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Attn AMD: Fulfil your moral obligation to save the world.

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  • Attn AMD: Fulfil your moral obligation to save the world.

    AMD,

    The documentation you've provided is invaluable, however there is one key area which is undocumented: power savings. I've been trolling irc looking for information on how to D3 my 4870x2 monster, and after reviewing the documents mjg59 and agd5f pointed me at, I believe we are in concordance that we need more documentation describing how to power save devices to even begin work.

    This is a colossal issue. At idle, my 4870x2 still consumes ~80 watts of power. Multiply this by your impressively growing install base, and the issue becomes not just frustrating, but world threatening(sarcasm meter: high): AMD cards will soon cause ocean levels to rise and the sky to blacken. Save the world AMD, push out the docs needed to let us sleep and clock down our radeons. My system runs 24/7, yet I only ever use the video card 4-5 hours a day: during inactive times, we need a way to D3 our video card. You've a moral obligation to help your users use our hardware in an ethically responsible, non world-ending manner; please, help radeon help save the planet.

    rektide

  • #2
    I do my part by shutting down my computer at night and putting it on suspend mode when idle for 10 minutes. Oh, I also have a highly efficient power supply. What's your usage scenario like to be running 24/7 and gaming at the same time (clearly not a mission-critical server)?

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    • #3
      It's not a documentation thing... the critical path for dynamic power management is completion of some in-process work on the driver stack.

      I'm not sure what documentation you feel is needed to implement D3; how is that different from existing suspend/resume code ?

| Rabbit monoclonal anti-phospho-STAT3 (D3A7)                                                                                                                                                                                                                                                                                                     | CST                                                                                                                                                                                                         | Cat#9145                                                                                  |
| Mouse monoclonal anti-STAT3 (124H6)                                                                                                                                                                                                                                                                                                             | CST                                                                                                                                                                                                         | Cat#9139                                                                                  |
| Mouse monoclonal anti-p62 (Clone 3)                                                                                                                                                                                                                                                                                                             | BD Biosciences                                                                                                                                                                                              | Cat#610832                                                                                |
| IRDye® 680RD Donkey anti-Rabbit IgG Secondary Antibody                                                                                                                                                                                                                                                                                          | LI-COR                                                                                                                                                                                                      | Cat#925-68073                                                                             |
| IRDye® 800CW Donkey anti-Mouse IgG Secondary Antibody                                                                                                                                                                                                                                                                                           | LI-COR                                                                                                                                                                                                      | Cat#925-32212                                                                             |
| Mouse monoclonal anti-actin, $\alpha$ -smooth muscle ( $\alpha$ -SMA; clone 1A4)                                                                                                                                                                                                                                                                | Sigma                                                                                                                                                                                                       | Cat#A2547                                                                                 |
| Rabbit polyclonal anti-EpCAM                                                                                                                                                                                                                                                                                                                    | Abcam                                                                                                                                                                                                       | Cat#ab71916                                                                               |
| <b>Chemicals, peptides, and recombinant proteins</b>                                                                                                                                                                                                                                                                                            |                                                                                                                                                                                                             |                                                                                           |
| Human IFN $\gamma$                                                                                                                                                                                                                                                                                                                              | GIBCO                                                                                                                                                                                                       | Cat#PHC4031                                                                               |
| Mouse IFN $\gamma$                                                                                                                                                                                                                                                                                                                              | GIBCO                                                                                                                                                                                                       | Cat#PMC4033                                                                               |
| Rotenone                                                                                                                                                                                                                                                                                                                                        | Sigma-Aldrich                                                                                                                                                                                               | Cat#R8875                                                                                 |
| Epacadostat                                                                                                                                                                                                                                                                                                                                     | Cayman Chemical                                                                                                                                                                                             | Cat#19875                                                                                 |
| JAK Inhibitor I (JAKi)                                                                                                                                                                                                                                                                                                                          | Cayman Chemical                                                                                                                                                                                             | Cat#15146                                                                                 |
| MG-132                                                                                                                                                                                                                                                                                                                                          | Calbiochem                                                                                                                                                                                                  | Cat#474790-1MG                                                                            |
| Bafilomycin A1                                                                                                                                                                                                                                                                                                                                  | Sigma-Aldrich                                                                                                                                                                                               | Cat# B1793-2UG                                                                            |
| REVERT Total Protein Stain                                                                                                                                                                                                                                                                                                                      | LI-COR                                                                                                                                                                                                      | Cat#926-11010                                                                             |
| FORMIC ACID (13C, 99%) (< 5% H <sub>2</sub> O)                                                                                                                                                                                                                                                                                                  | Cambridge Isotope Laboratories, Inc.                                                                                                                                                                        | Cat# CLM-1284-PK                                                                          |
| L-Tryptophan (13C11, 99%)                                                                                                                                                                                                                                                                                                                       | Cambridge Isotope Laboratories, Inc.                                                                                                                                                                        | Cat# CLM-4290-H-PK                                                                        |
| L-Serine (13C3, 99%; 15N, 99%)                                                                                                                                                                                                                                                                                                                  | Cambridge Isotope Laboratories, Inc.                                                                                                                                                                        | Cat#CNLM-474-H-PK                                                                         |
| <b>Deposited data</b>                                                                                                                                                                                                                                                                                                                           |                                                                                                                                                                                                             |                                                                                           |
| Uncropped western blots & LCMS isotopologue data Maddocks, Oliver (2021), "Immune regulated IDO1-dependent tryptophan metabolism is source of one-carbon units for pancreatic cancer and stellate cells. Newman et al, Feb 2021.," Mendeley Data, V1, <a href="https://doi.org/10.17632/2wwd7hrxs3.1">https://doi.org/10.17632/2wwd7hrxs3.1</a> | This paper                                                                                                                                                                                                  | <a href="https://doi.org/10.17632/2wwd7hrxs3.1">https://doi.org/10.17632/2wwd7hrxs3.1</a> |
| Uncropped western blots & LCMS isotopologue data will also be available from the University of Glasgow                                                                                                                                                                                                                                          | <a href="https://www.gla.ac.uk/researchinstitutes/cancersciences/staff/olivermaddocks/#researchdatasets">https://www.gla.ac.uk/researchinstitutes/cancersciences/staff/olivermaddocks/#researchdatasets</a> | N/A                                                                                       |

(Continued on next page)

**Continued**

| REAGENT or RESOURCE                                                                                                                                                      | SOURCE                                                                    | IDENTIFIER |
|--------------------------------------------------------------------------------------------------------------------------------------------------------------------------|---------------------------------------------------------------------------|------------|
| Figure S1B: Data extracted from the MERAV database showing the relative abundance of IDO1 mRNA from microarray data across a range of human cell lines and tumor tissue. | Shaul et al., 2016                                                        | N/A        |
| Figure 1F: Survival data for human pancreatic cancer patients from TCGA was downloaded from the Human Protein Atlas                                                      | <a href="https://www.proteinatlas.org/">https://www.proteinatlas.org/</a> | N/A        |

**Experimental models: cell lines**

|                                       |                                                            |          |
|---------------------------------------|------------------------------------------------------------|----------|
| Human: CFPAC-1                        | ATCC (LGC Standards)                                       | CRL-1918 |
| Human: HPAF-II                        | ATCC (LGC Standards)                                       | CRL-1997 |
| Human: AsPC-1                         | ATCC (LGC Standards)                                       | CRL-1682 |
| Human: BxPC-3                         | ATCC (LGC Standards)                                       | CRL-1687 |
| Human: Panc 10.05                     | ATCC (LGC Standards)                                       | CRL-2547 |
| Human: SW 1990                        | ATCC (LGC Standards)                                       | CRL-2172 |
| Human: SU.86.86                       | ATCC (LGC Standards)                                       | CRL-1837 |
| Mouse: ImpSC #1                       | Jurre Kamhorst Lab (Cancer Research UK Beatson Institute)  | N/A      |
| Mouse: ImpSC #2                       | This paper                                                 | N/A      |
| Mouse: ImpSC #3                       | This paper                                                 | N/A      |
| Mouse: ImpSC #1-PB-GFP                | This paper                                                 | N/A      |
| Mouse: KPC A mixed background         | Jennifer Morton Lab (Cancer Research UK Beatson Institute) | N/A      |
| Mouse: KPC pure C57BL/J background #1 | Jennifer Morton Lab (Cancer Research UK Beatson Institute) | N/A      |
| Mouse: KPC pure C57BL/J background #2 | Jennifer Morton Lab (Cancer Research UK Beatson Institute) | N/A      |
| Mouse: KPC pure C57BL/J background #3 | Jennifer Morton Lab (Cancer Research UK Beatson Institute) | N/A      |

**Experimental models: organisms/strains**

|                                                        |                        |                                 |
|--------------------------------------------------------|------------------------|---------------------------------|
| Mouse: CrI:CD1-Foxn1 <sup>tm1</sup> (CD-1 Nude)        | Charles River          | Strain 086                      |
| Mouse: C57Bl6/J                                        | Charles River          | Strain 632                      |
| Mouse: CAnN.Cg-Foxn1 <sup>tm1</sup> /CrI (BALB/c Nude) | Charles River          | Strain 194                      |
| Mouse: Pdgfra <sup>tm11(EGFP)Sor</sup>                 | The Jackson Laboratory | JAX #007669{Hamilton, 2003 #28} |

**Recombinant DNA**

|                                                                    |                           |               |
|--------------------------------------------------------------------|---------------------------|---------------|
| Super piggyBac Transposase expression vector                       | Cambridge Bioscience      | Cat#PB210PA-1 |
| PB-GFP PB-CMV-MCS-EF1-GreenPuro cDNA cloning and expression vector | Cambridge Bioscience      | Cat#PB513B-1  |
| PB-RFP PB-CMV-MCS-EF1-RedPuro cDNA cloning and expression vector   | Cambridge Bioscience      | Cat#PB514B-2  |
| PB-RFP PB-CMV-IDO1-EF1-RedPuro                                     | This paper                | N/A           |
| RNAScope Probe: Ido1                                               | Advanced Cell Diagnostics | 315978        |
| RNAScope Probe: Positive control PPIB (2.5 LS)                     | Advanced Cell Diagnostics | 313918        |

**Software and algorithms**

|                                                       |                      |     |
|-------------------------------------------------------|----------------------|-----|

I guess our understandings may be different here; mine is that the chip does *not* turn its own power off and on, nor does the graphics driver, but perhaps I'm wrong there. AFAIK the PCI/ACPI functions to actually turn off power are vendor-specific (and vendor-proprietary) but I'll check that.

      For regular dynamic power management, the fglrx driver has additional protocols to let the kernel driver combine engine and memory bandwidth requirements from display, 2D, video and 3D drawing operations, and to synchronize subsequent drawing operations with the completion of power state changes.

      The corresponding architectural solution for the open drivers will be kernel modesetting, which will also allow power management code (in the kernel) to consider all requirements when choosing and implementing power states and to synchronize chip accesses with the completion of power state transitions. KMS in turn depends on memory management, and it's actually 6xx/7xx memory management support (plus stabilization of the mm code in general) that you're waiting for.

      I imagine it is possible to implement a temporary dynamic power solution for the existing architecture, but it would be even more work and most of it would have to be tossed soon anyways. AFAIK the developers with the expertise in this area are waiting for KMS/GEM/TTM to stabilize first.